Along with Sulz, councillors Steven Cross and Jackie Rhind, and director of development Marianne Wade also attended the open house.

Neighbours express concerns over road access, pedestrian safety

Neighbours of a proposed development on Hay Road take time to view information boards ahead of a presentation by proponent Stefan Maunz. Photo: Melissa Jameson/Revelstoke Mountaineer.

Several themes emerged as the public spent nearly two hours addressing Maunz with their concerns. Along with concerns over road access and safety, infrastructure, walkability and ensuring Maunz’s promise of long-term rentals would come to fruition were brought up. Victoria Haines and Kirk Murray, both of whom live within close proximity of the proposed development, stated support for the development but felt now may not be the right time for it.

Haines said Maunz had taken time to come to her home to address concerns over road access, and had even gone so far as to look into several options for alternate routes. Currently Hay Road is the only road in and out of the neighbourhood. While she said she does not believe it’s the developer’s problem to solve, she implored city council and staff to only approve the development once the traffic issues are resolved.

“We can’t have more neighbourhood up there if the whole street system can’t support it. It has to be safe for everybody so now is not the right time to develop this” said Haines. “I think it will take courage to say no to this development. I actually love it […] but the whole neighbourhood has to be considered when you pop something in.”

Murray, who runs a bed and breakfast on Hay Road, agreed the entire neighbourhood needs to be taken into consideration when it comes to new development.

“I think it’s a great idea. I’m concerned there’s no room [on Hay Road] to walk in the dark, there’s a lot of traffic […] I just feel there’s a lot of things that need to be thought of […] I think it’s really important to develop our OCP first, make sure we’re all moving forward together as a city, as a community, as a neighbourhood making sure all of our things are addressed including infrastructure and how Mackenzie Village is going to affect this neighbourhood, then maybe we can look at your idea. I think it has some potential,” he said.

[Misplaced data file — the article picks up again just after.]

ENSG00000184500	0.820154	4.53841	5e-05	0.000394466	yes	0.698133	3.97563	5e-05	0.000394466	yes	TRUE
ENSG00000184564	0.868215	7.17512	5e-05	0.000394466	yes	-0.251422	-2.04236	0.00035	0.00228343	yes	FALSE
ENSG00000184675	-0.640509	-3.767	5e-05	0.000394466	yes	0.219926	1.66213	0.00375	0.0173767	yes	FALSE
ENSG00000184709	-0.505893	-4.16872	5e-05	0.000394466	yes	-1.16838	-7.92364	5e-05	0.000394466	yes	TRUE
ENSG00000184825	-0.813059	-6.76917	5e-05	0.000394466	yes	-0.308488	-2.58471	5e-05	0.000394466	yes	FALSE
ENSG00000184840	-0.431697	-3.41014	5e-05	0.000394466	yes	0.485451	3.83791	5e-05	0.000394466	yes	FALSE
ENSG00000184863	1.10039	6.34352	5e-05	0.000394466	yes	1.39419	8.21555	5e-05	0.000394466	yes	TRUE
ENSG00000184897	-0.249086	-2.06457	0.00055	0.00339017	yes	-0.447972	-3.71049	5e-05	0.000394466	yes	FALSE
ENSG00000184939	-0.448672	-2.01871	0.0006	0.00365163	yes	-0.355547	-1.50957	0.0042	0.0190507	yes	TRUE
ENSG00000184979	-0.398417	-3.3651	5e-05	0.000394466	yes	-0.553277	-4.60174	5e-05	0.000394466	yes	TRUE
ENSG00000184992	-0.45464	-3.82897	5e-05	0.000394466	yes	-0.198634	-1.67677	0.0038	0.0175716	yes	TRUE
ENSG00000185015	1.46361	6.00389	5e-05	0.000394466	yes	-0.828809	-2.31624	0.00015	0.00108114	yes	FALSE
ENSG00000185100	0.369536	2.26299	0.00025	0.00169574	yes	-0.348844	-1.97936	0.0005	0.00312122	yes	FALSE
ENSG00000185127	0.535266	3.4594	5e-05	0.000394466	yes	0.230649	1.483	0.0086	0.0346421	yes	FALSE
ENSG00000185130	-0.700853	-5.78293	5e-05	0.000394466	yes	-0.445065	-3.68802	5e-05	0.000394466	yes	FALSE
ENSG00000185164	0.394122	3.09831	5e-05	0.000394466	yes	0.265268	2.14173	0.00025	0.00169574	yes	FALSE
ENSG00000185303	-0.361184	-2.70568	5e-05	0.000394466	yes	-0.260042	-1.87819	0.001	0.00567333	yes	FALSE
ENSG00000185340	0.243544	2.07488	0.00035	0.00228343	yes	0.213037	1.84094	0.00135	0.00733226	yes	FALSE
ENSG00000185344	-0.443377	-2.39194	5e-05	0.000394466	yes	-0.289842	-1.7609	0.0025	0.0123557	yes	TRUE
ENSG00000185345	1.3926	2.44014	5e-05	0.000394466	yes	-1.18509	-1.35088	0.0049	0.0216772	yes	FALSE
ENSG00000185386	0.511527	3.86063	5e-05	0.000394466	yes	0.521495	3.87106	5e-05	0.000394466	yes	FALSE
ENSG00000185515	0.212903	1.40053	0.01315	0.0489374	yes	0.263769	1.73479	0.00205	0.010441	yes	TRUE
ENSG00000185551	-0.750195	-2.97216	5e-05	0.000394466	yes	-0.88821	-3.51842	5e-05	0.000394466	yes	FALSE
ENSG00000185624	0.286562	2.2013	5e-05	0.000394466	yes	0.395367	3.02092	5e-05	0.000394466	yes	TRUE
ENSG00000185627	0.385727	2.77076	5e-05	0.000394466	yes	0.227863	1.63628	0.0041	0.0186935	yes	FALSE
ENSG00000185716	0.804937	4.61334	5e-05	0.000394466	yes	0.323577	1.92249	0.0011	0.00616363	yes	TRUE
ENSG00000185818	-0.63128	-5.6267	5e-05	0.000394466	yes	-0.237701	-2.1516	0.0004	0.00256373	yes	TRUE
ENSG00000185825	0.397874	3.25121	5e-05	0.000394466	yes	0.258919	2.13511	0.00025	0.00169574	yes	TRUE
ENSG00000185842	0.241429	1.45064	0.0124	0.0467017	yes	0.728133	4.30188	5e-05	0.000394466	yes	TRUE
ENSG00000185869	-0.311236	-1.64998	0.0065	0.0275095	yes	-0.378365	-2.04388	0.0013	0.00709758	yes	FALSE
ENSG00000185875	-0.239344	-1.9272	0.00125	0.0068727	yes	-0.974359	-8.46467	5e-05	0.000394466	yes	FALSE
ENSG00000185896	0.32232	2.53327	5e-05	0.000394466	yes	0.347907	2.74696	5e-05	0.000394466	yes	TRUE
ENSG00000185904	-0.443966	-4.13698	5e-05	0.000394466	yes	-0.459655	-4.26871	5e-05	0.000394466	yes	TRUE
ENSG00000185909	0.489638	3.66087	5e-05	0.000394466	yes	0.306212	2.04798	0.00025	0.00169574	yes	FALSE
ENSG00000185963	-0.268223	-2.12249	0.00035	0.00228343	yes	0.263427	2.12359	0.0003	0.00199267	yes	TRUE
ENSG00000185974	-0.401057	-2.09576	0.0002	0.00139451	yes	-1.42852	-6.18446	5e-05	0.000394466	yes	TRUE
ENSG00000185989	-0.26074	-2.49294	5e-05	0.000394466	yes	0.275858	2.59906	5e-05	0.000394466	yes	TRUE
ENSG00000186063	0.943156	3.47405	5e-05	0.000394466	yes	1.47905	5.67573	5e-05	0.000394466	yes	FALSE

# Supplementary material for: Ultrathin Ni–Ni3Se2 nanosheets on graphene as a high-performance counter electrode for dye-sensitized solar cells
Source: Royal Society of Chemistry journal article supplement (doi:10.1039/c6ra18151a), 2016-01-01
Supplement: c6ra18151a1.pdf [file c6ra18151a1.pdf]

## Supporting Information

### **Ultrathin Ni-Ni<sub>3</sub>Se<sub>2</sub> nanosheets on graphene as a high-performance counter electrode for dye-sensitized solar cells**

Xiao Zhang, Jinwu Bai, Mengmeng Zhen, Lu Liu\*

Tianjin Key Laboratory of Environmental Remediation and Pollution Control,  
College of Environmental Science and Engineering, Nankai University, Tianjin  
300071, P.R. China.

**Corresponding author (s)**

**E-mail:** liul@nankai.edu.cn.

Murray also expressed concerns over Maunz’s proposal to commit 10 of the rowhouses as long-term rentals, stating so far there isn’t any paperwork stating this will happen. Maunz responded by stating he has already drafted a housing agreement and is currently in discussions with the city.

“I want to do that because I think it’s the right thing to do and I understand that people want some type of security,” said Maunz.

Some residents attending the open house questioned whether an Arrow Heights development could be considered truly walkable given the distance to downtown and limited options for walking or biking safely, even going so far as to suggest the project should be built somewhere closer to town. Others stated they and their families regularly walk and bike to downtown, but said building safer routes would make doing so easier.

“The City of Revelstoke defines this area as future growth. If you look around there’s no other lot like this left. It’s perfect as infill development, which is one of the priorities,” said Maunz,who also spoke to commercial development foreseen at Mackenzie Village, saying it would be great if that included a small grocery store.

Some residents caution turning down Maunz’s proposal could come back to bite them

The land for the proposed Stoked Living development is currently zoned R1, which means Maunz could build single family dwellings on the property without the need for a public hearing. Due to Maunz’s plans to build townhouses and rowhouses, the development requires city council to approve a zoning amendment, which triggers a public hearing. Generally, public hearings for zoning redevelopment take place during regular city council meetings. There are still a number of steps which need to occur before a public hearing over the proposed development can take place.

Several people attending the Wednesday night open house cautioned that turning down Maunz’s proposal could have a negative impact on the neighbourhood in the long-term.

Nico Leenders is general manager of Revelstoke Property Services and also an Arrow Heights resident. He said he doesn’t think residents can get any luckier when it comes to a developer like Maunz who is willing to engage with and listen to the concerns of the projects neighbours.

“It’s passive housing in Revelstoke. It’s not going to detriment the neighbourhood. If Stefan passes on this, who’s going to pick this up? He’ll eventually resell the land and I can’t imagine any other developer coming forward who better meets our community’s needs, the city’s needs and who’s willing to come and speak and engage with us. We turn this down, we all say ‘No, not in my backyard, I don’t want this,’ and I guarantee you we will all regret this,” he said.

According to an information board at the open house several steps still need to take place before the city-led public hearing. Those steps include both an internal and external review, notifying neighbours within 100 metres and city council’s consideration.